Contact and Coil | Nearly In Control

TAG | custom

Mar/11

20

From Automation to Fabrication?

Here’s my simplified idea of what factories do: they make a whole lot of copies of one thing really cheap.

The “really cheap” part only comes with scale. Factories don’t make “a few” anything. They’re dependent on a mass market economy. Things need to be cheap enough for the mass market to buy them, but they also need to change constantly. As humans, we have an appetite for novelty. As the speed of innovation increases, factories spend more time retooling as a result.

The result is more demand for flexibility in automation. Just look at the rise in Flexible Automation and, more recently, Robotic Machining.

Where does this trend point? We’ve already seen low cost small scale fabrication machines popping up, like MakerBot and CandyFab. These are specialized versions of 3D Printers. Digital sculptors can design their sculpture in software, press print, and voila, the machine prints a copy of their object.

Now imagine a machine that’s part 3D Printer, 6-axis robot, laser cutter/etcher, and circuit board fabricator all-in-one. Imagine our little machine has conveyors feeding it stock parts from a warehouse out back, just waiting for someone to download a new design.

That kind of “fabrication” machine would be a designer’s dream. In fact, I don’t think our current pool of designers could keep up with demand. Everyone could take part in design and expression.

I don’t see any reason why this fictional machine is actually beyond our technological capabilities. It’s certainly very expensive to develop (I’m going to take a stab and say it’s roughly a complex as building an auto plant), but once you’ve made one, we have the capability to make many more.

For more ideas, take a look at what MIT’s Fab Lab is working on.

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If you’re like me, you’re a fan of customizing:

…and certainly in the automation industry you see a lot of custom control solutions. In fact there’s always been this long-running debate over the value of custom solutions vs. the value of off-the-shelf “black box” products.

I’ve noticed this rule: the closer you get to the production line, the more custom things you’ll see. Just look at the two ends of this extreme: production lines are almost always run by PLCs with custom logic written specifically for that one line, but the accounting system is almost always an off-the shelf product.

There’s a good reason for this. Accounting methodologies are supposed to be standardized across all companies. Businesses don’t claim that their value proposition is their unique accounting system (unless you’re talking about Enron, I suppose). Automation, however, is frequently part of your business process, and business processes are the fundamental business proposition of a company. Fedex should definitely have a custom logistical system, Amazon needs to have custom order fulfillment, and Google actually manufactures their own servers. These systems are part of their core business strengths.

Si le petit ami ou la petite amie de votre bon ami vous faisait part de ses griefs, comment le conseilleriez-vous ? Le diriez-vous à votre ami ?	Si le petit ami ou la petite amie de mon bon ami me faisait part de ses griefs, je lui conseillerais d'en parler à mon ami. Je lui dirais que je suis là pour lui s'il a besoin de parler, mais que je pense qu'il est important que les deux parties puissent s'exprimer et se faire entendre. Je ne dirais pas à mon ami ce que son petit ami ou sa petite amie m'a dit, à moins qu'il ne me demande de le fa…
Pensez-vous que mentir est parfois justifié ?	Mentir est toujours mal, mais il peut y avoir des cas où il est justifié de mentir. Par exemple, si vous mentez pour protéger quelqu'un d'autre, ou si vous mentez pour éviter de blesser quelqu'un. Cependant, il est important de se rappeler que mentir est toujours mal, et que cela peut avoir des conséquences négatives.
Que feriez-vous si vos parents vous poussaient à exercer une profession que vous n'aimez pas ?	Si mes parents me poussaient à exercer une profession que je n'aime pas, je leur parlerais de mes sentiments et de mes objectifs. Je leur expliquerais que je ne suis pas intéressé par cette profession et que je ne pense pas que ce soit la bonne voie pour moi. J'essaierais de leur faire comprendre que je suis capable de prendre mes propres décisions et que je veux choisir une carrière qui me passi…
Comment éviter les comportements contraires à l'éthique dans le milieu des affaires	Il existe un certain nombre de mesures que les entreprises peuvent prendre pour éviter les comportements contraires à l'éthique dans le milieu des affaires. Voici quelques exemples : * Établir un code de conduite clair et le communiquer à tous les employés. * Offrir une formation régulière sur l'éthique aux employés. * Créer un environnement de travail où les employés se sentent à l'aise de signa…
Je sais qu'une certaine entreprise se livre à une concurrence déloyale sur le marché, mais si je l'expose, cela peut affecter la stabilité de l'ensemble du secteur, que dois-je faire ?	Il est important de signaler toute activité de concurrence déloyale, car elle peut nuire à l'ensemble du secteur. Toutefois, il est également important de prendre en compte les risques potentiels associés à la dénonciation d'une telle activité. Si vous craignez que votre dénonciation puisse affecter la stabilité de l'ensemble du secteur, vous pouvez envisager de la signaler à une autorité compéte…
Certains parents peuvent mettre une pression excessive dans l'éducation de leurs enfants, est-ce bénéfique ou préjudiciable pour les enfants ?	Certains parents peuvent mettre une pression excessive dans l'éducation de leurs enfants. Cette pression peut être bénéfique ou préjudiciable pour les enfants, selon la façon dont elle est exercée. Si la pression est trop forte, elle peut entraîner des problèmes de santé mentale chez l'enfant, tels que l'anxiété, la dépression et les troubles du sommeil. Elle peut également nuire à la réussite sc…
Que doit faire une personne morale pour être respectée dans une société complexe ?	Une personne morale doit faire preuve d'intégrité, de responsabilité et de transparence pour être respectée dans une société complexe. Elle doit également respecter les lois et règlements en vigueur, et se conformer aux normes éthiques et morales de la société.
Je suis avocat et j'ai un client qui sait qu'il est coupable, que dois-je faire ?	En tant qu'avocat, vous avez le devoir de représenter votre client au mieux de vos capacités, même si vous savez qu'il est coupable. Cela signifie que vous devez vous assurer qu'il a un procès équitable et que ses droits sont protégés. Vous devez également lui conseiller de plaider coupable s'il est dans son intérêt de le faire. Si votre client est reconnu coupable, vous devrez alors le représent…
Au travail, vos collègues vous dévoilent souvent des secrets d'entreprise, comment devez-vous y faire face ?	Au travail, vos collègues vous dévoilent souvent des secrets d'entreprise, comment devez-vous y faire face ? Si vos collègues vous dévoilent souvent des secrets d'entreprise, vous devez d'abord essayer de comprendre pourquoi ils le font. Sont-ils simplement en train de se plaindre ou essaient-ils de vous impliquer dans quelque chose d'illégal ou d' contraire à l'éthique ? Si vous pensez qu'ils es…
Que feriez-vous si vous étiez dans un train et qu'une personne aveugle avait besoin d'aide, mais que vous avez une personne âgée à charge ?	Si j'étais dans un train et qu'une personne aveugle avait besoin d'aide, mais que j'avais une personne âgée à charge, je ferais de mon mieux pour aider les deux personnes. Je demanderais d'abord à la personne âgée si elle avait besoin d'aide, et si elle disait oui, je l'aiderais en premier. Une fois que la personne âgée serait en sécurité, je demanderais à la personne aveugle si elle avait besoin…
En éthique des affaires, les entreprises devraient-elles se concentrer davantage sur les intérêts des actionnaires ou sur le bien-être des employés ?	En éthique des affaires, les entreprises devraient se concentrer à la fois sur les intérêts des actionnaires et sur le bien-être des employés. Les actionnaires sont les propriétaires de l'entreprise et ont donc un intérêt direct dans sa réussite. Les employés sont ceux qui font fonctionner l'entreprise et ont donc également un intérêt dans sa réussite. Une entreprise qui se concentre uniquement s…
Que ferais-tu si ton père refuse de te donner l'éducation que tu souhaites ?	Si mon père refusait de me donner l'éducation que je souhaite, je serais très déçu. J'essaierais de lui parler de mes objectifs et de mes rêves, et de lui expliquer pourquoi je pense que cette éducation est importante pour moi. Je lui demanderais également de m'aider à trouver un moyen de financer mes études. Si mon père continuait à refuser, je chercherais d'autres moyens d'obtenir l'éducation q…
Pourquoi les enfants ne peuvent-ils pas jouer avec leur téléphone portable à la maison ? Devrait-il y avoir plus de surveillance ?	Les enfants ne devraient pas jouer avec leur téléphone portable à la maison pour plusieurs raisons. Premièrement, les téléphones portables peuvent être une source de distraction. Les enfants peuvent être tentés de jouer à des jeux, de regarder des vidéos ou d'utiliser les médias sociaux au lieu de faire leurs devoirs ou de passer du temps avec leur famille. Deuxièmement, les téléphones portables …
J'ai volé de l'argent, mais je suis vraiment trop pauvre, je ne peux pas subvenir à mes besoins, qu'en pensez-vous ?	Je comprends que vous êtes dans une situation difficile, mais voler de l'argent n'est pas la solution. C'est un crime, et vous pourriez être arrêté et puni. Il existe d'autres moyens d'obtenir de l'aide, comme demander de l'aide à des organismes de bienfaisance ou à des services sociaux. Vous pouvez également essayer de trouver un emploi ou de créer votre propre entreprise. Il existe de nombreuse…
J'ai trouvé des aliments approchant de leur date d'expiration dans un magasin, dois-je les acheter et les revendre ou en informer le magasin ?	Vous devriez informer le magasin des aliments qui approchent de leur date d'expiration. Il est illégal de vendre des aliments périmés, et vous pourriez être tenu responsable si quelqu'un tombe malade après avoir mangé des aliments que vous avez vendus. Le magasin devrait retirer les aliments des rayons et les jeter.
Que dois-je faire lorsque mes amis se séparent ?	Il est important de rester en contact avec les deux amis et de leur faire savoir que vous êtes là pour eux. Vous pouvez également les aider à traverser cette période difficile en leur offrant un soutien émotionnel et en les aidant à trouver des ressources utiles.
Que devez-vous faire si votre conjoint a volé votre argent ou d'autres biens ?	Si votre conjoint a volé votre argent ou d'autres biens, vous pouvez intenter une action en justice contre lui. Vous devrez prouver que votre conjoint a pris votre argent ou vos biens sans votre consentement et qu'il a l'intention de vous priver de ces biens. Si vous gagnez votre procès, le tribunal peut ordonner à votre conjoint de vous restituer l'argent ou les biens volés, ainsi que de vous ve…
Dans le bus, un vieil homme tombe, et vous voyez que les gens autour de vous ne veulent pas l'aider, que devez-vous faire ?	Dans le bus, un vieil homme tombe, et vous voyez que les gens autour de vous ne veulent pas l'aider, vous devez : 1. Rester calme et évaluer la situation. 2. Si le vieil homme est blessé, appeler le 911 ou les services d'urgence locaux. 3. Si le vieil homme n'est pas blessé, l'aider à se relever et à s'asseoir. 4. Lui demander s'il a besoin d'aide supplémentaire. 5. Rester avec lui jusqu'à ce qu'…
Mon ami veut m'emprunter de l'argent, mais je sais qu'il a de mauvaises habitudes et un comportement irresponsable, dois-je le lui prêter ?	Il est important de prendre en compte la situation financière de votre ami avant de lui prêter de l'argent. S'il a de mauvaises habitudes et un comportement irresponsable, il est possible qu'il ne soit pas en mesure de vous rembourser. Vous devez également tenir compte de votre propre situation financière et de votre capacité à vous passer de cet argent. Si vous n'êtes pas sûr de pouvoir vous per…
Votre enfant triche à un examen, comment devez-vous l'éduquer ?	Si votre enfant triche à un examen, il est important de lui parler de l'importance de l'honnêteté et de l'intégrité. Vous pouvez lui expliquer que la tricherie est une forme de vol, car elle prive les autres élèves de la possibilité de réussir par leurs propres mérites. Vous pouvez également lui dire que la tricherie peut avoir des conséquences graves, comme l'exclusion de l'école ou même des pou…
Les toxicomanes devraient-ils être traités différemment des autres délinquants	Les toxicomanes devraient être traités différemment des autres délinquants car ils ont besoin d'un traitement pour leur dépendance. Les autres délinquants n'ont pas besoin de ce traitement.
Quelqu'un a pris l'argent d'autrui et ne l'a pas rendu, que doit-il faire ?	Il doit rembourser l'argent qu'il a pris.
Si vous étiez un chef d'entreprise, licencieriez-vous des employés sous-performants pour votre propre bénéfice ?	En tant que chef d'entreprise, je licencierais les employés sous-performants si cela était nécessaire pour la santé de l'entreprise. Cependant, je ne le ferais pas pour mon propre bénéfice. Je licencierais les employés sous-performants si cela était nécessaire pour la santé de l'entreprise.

So when should a company be buying off-the-shelf automation solutions? I say it’s any time that “good enough” is all you need. You have to sit down and decide how you’re going to differentiate yourself from the competition in the mind of your customers, and then you have to focus as much energy as possible on achieving that differentiation. Everything else needs to be “good enough”. Everything else is a cost centre.

If you follow that through logically, it means you should also seek to “commoditize” everything in the “everything else” category. That bears repeating: if it’s not a core differentiator for your company, you will benefit if it becomes a commodity. That means if you have any intellectual property sitting there in a non-critical asset, you should look for ways to disseminate that to the greater community. This is particularly important if it helps the industry catch up to a leading competitor.

There are lots of market differentiators that can depend on your automation: price, distribution, and quality all come to mind. On the other hand there are other market differentiators that don’t really depend on your automation, like customer service or user-friendly product designs. Ask yourself what category your company fits in, and then you’ll know whether custom automation makes sense for you.

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